Same. I think my biggest problem with IPA is that explanations I've seen thus far are generally explained by way of example words in English and in such a way that I'm not sure that the person doing the explaining is aware that different accents even exist. I can't recall which off the top of my head, but I remember being particularly annoyed by certain vowels and th sounds that sound identical in my everyday speech.

Since this textbook seems to take a different tack, it looks much more useful. I can't order it right now but I do hope to order it in the future.

Hi annelions, I'm so sorry, I meant to respond much sooner. I ended up writing quite a lot, and then I worried that it would be too much without the book as an anchor. So the short version is, I think you're absolutely right. English vowels vary enormously across different accents, so they don't make very good reference points. It would help if the variety of English was specified and if that variety was one that everyone involved was familiar with, but even then, comparing vowels in different languages or even different accents is very tricky.

The book does indeed take a different approach. For one thing, it introduces more reliable reference points for vowels, but that comes toward the end. The early chapters are mainly about becoming familiar with the vocal tract and how you can shape it to make different sounds. As you try out a new shape and sound, a new audible gesture, you also get the IPA symbol that's associated with it. So the symbols are introduced gradually and associated with vivid experience, which I think makes them easier to learn. At this point, a given symbol really represents a kind of shape and sound you can make, a category. And then later, you see how the same symbols are used more or less on a "closest fit" basis to represent the phonemic inventories of specific languages or accents.

I'm probably getting too far ahead though, so I'll stop there. I still have the long version as a draft, so thanks for inspiring me to write it, and I'll probably incorporate some of it as we go along. Also, I read your log, and things may have already changed, but I think it's really cool that you're learning Croatian while in Croatia and I hope you can travel again soon.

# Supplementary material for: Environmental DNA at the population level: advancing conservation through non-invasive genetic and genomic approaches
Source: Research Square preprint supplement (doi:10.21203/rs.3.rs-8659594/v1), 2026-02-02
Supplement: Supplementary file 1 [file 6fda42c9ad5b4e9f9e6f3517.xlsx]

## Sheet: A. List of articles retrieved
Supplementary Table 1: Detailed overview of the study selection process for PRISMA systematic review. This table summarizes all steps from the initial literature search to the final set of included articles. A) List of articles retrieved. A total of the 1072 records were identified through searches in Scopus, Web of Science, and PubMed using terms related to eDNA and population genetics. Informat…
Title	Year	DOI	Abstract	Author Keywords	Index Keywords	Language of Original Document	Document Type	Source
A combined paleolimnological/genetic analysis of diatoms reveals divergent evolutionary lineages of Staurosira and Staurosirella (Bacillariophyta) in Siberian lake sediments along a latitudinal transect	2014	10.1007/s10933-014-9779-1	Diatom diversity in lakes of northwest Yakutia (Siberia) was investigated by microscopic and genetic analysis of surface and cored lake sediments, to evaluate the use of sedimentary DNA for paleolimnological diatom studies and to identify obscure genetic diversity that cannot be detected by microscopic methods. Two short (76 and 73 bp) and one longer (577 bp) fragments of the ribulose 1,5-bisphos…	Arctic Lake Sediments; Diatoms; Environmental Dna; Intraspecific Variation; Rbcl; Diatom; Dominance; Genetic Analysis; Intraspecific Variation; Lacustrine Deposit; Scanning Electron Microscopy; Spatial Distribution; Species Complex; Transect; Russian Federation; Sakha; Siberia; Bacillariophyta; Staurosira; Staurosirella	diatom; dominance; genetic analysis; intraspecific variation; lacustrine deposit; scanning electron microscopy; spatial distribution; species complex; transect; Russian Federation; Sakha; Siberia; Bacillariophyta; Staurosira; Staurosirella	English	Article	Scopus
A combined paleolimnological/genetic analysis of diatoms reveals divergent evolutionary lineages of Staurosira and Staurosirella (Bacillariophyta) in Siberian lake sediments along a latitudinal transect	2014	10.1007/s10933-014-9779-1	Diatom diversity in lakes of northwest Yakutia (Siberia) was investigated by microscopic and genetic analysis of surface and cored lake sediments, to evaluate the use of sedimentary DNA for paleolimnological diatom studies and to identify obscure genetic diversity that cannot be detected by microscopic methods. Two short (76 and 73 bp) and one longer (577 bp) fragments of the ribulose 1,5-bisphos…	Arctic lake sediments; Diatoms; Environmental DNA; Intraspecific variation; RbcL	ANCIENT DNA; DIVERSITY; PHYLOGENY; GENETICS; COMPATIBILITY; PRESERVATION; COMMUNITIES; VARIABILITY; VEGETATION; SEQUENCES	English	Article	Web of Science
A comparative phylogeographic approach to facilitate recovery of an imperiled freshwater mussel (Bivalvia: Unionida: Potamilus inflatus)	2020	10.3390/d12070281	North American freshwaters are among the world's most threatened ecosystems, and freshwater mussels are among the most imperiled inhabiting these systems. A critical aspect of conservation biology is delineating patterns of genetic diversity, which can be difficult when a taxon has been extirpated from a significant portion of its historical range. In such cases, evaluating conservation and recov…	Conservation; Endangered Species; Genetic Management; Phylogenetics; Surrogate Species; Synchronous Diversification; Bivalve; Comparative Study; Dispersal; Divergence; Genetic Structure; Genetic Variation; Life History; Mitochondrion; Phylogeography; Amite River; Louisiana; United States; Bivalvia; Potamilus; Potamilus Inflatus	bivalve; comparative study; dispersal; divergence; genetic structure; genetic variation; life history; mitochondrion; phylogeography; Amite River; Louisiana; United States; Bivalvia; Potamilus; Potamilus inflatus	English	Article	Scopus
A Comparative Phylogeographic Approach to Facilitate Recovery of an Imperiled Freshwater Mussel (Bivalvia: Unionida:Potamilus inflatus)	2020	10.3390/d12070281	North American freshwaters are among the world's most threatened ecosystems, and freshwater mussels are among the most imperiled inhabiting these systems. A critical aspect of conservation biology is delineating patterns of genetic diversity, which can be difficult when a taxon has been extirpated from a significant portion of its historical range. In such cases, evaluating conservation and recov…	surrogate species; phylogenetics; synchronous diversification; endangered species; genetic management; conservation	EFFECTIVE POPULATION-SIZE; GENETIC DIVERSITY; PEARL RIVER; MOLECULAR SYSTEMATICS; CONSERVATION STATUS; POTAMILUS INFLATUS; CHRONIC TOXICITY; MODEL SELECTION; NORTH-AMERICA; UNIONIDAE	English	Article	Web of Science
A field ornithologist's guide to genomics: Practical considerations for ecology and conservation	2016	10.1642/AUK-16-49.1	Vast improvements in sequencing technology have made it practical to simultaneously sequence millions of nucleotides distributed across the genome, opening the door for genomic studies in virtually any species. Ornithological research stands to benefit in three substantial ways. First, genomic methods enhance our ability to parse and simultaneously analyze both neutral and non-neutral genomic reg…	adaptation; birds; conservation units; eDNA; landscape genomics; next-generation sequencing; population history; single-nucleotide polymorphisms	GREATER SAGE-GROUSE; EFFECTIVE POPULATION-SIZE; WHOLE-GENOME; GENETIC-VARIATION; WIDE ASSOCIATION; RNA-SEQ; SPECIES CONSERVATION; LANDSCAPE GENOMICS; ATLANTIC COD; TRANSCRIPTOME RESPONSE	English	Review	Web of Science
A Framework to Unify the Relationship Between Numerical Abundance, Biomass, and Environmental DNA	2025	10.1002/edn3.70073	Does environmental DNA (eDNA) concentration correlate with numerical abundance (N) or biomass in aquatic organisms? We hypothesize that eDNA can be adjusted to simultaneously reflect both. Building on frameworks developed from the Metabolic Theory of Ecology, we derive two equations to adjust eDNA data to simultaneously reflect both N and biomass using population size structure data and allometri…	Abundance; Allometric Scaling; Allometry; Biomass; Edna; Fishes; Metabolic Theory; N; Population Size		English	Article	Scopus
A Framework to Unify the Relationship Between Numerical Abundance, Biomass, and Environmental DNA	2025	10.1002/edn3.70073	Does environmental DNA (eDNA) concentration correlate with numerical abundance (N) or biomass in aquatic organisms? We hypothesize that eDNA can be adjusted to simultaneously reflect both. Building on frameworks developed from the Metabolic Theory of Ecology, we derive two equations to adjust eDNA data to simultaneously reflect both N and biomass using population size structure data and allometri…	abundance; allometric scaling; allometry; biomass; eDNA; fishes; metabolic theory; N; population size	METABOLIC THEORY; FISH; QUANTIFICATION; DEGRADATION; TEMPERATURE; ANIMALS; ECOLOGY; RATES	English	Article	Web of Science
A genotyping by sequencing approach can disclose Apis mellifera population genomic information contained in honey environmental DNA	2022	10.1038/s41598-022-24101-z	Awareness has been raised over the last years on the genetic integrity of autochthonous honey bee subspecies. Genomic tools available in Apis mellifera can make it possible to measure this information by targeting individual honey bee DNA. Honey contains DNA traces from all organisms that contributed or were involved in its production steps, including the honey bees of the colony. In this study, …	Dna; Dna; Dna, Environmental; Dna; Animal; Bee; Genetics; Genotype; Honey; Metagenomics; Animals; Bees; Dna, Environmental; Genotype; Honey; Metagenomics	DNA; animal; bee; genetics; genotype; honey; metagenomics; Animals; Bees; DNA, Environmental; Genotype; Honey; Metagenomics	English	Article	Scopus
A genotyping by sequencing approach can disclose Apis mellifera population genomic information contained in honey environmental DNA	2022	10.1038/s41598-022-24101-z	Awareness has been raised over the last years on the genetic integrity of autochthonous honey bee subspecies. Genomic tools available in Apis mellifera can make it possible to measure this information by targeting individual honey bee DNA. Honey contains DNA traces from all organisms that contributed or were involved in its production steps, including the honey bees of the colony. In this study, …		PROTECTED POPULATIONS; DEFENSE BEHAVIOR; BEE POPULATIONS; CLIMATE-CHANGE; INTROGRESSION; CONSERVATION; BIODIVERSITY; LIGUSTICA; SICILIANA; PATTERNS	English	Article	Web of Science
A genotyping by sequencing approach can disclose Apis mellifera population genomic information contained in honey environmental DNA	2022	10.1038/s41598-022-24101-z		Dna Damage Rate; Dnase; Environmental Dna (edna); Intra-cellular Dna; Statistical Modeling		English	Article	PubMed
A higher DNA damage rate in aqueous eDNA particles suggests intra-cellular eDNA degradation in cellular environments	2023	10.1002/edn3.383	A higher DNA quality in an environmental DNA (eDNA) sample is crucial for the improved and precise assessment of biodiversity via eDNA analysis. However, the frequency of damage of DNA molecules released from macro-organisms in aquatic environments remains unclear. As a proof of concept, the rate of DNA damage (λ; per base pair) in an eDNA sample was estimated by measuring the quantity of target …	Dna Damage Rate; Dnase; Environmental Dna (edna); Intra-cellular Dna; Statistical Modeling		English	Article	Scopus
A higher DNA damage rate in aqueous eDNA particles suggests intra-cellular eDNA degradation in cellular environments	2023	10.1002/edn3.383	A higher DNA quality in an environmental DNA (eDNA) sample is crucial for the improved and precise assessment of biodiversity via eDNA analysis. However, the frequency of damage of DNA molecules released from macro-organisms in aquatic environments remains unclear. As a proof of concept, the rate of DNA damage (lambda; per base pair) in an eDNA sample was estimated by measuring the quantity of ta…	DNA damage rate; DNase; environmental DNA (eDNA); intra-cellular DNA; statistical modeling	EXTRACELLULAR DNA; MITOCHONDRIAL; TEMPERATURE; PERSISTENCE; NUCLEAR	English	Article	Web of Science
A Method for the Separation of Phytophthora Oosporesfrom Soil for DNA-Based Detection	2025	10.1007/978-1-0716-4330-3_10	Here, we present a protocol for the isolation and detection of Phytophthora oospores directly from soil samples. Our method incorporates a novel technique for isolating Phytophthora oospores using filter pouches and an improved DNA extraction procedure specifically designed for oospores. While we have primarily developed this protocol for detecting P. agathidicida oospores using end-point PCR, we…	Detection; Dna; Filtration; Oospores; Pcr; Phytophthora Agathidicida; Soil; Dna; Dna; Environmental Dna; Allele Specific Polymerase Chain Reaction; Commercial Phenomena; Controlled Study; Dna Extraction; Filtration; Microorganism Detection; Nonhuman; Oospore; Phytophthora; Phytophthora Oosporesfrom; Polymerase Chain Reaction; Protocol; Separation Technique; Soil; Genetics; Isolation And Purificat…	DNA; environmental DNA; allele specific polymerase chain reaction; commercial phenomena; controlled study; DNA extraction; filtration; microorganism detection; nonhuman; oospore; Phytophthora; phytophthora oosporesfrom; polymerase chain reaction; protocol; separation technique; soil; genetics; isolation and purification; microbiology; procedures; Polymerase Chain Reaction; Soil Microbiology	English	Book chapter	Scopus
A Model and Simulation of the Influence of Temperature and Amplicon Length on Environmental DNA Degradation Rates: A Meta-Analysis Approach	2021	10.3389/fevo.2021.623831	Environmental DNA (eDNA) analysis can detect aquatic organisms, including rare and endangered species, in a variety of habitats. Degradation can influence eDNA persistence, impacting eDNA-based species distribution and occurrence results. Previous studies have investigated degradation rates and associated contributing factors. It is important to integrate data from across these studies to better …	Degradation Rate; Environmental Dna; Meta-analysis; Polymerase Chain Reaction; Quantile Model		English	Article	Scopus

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Re: Reading Catford's A Practical Introduction to Phonetics

Postby blackcoffee » Tue Sep 15, 2020 8:10 am

My book is theoretically in transit as well. I don't mind a preview if people are ready to start.
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Re: Reading Catford's A Practical Introduction to Phonetics

Postby jonm » Tue Sep 15, 2020 6:39 pm

blackcoffee wrote:My book is theoretically in transit as well. I don't mind a preview if people are ready to start.

Maybe we could give ourselves a tentative, flexible target of going over the first two chapters at the beginning of October? That's a little over two weeks from now, so it would give us a little time for books to arrive and for reading. October 1st is a Thursday, so toward the end of the week, or we could also wait till Saturday, October 3rd, if it works better to wait till the weekend. Very open to other possibilities (including everyone just reading at their own pace).
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Re: Reading Catford's A Practical Introduction to Phonetics

Postby blackcoffee » Wed Sep 16, 2020 11:05 pm

jonm wrote:
blackcoffee wrote:My book is theoretically in transit as well. I don't mind a preview if people are ready to start.

Maybe we could give ourselves a tentative, flexible target of going over the first two chapters at the beginning of October? That's a little over two weeks from now, so it would give us a little time for books to arrive and for reading. October 1st is a Thursday, so toward the end of the week, or we could also wait till Saturday, October 3rd, if it works better to wait till the weekend. Very open to other possibilities (including everyone just reading at their own pace).

This sounds good to me. My book arrived today, but I won't have time to really get started until the weekend. :D